The agency approves a drug after an ugly bureaucratic brawl

The Wall Street Journal / Opinion

The Boys Who Beat the FDA

The agency approves a drug after an ugly bureaucratic brawl.

 Sept. 19, 2016

Miracles happen. The Food and Drug Administration on Monday approved a drug for muscular dystrophy after months of delay and bureaucratic infighting. This is a triumph for scientific innovation, and for young men who will live better and more independently—if the bureaucracy doesn’t strike back.

FDA announced accelerated approval for eteplirsen by Sarepta Therapeutics SRPT 73.85 % more than 100 days after the agency’s legally mandated decision date. The therapy is the first for Duchenne muscular dystrophy patients, typically boys who lose the ability to walk around age 12 before heart or respiratory failure in their 20s. Ten of 12 boys in a clinical trial still walk after four years on eteplirsen—nearly two football fields farther than a control group.

Agency documents released Monday reveal a protracted fight over the drug between Janet Woodcock, head of FDA’s drug evaluation center, and various reviewers. As early as May 4 Dr. Woodcock planned to overrule the agency’s review, which Duchenne experts and clinicians had picked apart as error-ridden and scientifically questionable. But a division director filed a complaint under an FDA process for handling disputes, a proceeding we first reported. (“Heart of Bureaucratic Darkness,” Aug. 10)


The FDA decision paper is a tour of toxic bureaucratic politics: The complaint charged Dr. Woodcock with the mortal sin of meeting with patients and families too often and attending a contentious committee meeting. Another charge is that Dr. Woodcock once mentioned that destroying Sarepta might preclude later innovations, which is obvious and irrelevant to approval.

The criticism is even less believable given that the sticking point was whether the drug produced protein at a level that was “reasonably likely to predict a clinical benefit.” The drug has already produced reasonable results in some boys. Dr. Woodcock seems to be the only employee who noticed that a 2012 law directs FDA to exercise broad flexibility in approving first-in-class drugs for rare diseases.

Dr. Woodcock also deserves credit for political bravery because her boss, FDA Commissioner Robert Califf, announced that he would “defer to Dr. Woodcock’s judgment” without taking a position himself. There’s a profile in non-courage.

FDA’s report notes that members of the review team plan to leave the agency due to concerns about decision-making and “pressures exerted by outside forces,” presumably those meddlesome patients who dared to say the drug worked. The agency confirmed to us last week that the neurology division’s clinical team leader, Ronald Farkas, no longer works at FDA, and he will not be missed.

Even with “accelerated” approval, Sarepta must now conduct a double-blind, randomized trial to confirm its initial findings, or FDA could pull the drug. Some patients will receive the recommended dose and others will be infused with more. Yet it isn’t clear who would sign up for a clinical trial when the treatment is on the market, and this could be an opening for more FDA sabotage.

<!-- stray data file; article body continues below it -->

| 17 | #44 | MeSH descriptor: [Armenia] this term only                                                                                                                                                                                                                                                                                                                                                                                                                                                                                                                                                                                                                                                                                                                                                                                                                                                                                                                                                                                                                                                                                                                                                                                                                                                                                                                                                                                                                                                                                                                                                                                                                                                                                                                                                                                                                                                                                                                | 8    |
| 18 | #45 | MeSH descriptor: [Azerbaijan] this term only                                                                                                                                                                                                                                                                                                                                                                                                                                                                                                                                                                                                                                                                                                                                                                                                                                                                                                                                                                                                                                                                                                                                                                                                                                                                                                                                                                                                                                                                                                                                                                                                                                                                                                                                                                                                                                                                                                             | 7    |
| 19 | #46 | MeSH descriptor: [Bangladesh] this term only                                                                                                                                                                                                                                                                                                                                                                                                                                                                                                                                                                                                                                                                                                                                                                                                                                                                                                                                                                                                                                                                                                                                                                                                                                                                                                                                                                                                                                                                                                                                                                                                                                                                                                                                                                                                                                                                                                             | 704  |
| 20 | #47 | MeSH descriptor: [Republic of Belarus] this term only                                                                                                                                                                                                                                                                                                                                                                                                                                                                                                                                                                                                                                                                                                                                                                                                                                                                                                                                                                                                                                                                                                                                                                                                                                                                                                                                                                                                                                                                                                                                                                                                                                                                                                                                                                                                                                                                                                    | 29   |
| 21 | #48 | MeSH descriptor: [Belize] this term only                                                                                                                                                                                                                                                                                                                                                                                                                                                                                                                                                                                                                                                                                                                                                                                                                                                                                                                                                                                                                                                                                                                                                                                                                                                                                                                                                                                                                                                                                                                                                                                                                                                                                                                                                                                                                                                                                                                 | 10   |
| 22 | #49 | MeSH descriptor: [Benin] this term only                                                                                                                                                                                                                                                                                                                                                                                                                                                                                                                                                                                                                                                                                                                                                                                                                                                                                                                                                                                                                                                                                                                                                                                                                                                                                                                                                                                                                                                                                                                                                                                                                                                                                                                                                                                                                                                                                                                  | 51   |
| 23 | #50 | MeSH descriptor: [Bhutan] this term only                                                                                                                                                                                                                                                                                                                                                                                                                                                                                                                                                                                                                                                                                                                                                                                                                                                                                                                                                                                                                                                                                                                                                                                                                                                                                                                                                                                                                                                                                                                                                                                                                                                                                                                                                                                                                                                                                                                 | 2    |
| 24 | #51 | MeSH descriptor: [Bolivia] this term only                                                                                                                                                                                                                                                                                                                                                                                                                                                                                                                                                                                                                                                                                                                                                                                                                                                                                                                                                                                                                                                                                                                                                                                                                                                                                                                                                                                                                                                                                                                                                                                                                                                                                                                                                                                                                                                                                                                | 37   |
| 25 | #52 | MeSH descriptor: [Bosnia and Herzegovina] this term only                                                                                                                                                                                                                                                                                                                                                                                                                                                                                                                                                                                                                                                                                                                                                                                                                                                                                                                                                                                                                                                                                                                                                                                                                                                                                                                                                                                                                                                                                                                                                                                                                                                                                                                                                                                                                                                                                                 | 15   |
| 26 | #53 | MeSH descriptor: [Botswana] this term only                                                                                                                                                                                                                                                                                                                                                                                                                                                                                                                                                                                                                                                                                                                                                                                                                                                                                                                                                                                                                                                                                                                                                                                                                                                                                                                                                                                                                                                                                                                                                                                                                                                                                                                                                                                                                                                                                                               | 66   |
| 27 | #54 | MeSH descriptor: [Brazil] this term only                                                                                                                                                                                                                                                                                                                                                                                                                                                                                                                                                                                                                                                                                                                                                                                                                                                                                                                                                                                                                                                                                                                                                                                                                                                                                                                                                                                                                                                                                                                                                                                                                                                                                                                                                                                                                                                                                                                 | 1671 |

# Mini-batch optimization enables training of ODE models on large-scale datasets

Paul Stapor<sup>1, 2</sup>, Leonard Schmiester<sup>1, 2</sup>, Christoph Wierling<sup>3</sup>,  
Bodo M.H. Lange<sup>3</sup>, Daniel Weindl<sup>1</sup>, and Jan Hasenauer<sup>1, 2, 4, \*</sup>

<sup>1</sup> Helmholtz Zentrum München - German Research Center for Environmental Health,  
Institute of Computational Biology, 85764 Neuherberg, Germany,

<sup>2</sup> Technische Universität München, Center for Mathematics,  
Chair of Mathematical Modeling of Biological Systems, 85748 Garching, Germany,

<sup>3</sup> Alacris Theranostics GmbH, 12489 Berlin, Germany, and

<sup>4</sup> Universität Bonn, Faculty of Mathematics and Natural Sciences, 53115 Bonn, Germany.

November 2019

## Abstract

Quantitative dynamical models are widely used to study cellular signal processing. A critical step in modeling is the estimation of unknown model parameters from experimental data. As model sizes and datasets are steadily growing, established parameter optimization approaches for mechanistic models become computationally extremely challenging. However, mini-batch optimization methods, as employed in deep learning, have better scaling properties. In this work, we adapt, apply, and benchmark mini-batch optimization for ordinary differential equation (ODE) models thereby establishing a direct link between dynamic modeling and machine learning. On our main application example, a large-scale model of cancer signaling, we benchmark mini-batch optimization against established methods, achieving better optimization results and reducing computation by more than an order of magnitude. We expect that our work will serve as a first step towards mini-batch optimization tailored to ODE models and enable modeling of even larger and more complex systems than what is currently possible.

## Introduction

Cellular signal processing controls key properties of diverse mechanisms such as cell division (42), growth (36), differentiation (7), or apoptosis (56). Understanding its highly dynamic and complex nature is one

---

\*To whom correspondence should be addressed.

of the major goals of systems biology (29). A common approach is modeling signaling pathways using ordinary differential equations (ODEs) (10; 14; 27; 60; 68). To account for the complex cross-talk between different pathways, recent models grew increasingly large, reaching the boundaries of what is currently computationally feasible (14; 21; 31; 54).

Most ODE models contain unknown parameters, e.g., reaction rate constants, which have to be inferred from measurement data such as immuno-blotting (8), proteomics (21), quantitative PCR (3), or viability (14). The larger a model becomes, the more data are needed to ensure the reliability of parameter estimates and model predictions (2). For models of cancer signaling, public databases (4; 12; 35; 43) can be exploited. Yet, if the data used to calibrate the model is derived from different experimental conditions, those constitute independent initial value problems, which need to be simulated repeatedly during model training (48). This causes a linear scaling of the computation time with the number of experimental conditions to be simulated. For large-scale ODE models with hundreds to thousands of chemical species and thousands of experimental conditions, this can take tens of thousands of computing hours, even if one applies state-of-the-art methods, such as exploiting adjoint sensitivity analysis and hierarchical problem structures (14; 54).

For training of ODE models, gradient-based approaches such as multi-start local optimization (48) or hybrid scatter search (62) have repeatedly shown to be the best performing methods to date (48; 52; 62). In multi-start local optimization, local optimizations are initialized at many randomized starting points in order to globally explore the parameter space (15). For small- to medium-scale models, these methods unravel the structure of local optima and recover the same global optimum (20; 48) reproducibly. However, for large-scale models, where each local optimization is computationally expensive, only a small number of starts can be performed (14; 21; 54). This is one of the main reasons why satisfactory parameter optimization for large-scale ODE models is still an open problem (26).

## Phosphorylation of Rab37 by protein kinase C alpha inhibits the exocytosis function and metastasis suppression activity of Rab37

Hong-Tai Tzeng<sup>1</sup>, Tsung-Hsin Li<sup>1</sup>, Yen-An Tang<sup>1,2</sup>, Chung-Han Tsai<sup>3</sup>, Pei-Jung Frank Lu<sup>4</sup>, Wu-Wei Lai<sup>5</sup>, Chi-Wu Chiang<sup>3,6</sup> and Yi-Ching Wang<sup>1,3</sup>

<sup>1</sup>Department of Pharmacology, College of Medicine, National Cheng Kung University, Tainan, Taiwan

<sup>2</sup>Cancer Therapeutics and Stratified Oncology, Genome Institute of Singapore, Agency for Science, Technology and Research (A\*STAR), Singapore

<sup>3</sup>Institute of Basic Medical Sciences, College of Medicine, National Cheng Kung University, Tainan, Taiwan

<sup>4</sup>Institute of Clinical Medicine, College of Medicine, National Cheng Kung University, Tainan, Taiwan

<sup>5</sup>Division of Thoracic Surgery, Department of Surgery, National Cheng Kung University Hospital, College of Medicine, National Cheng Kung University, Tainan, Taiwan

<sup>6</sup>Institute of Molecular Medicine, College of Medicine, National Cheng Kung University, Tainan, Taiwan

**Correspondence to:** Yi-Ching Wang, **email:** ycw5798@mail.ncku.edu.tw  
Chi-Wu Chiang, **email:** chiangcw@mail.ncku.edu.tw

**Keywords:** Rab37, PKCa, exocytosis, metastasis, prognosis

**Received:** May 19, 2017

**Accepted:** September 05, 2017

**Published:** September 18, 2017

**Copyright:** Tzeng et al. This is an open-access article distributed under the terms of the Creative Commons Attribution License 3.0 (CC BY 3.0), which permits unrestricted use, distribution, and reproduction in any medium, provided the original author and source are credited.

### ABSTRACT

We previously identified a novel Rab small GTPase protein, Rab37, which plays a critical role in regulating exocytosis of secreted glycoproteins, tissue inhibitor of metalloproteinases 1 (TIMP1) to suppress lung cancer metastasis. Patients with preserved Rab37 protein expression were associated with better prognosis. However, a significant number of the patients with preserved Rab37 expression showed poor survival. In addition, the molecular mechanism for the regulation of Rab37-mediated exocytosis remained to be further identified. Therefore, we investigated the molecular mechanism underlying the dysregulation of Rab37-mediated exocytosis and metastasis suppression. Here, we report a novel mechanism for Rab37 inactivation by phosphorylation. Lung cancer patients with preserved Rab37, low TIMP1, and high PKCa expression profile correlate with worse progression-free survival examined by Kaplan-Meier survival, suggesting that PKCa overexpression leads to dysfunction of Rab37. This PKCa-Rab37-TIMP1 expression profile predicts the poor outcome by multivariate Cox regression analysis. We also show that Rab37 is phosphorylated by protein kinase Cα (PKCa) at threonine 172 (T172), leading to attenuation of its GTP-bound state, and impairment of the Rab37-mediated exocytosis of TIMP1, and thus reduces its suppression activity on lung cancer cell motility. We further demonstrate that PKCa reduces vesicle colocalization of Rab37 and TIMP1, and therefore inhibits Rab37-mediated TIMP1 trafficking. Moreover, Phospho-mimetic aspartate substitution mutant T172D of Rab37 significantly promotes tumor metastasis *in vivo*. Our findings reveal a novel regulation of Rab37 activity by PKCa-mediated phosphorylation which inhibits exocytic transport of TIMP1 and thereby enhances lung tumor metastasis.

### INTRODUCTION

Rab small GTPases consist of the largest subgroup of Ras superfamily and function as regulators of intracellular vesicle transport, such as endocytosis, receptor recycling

Sarepta is enrolling a placebo trial to certify later versions of the drug, which use the same “exon-skipping” technology to jump over different genetic code. Infusing a child’s muscles with saline is not ethical, but this protocol is the only way to move new iterations through a recalcitrant FDA.

A Duchenne boy’s veins often weaken so that a port must be inserted into his body, but we’ve heard the ports are banned in this study on ethical grounds. That means a child whose veins are deteriorating will be pricked as many times as it takes to start treatment—six, seven needles. How is this more moral?

If the grimness of placebo trials sounds abstract, ask Mitch and Mindy Leffler. In 2011 their then-8-year-old son Aidan started a trial for a drug called drisapersen, which FDA later rejected. The Lefflers, who have two other children, flew or drove from their home near Seattle to Vancouver, B.C. once a week for two years, the first 48 weeks of which Aidan received dummy treatment. Aidan is now 13 and in an eteplirsen trial. He still walks.

There will be more Duchenne drama, and some bubbled up Monday afternoon on the not-so-breaking news that drug innovation is expensive: Eteplirsen, now known as Exondys 51, will be priced based on a child’s weight and cost about $300,000 a year for the average patient. The drug is expensive to manufacture but years of government delay have no doubt added to the cost.

Congress allowed for accelerated approval precisely to advance treatments for patients with no other options. But FDA reviewers hate the process because it reduces their life-and-death political control. Sarepta’s victory is a sign that death by bureaucracy isn’t inevitable.

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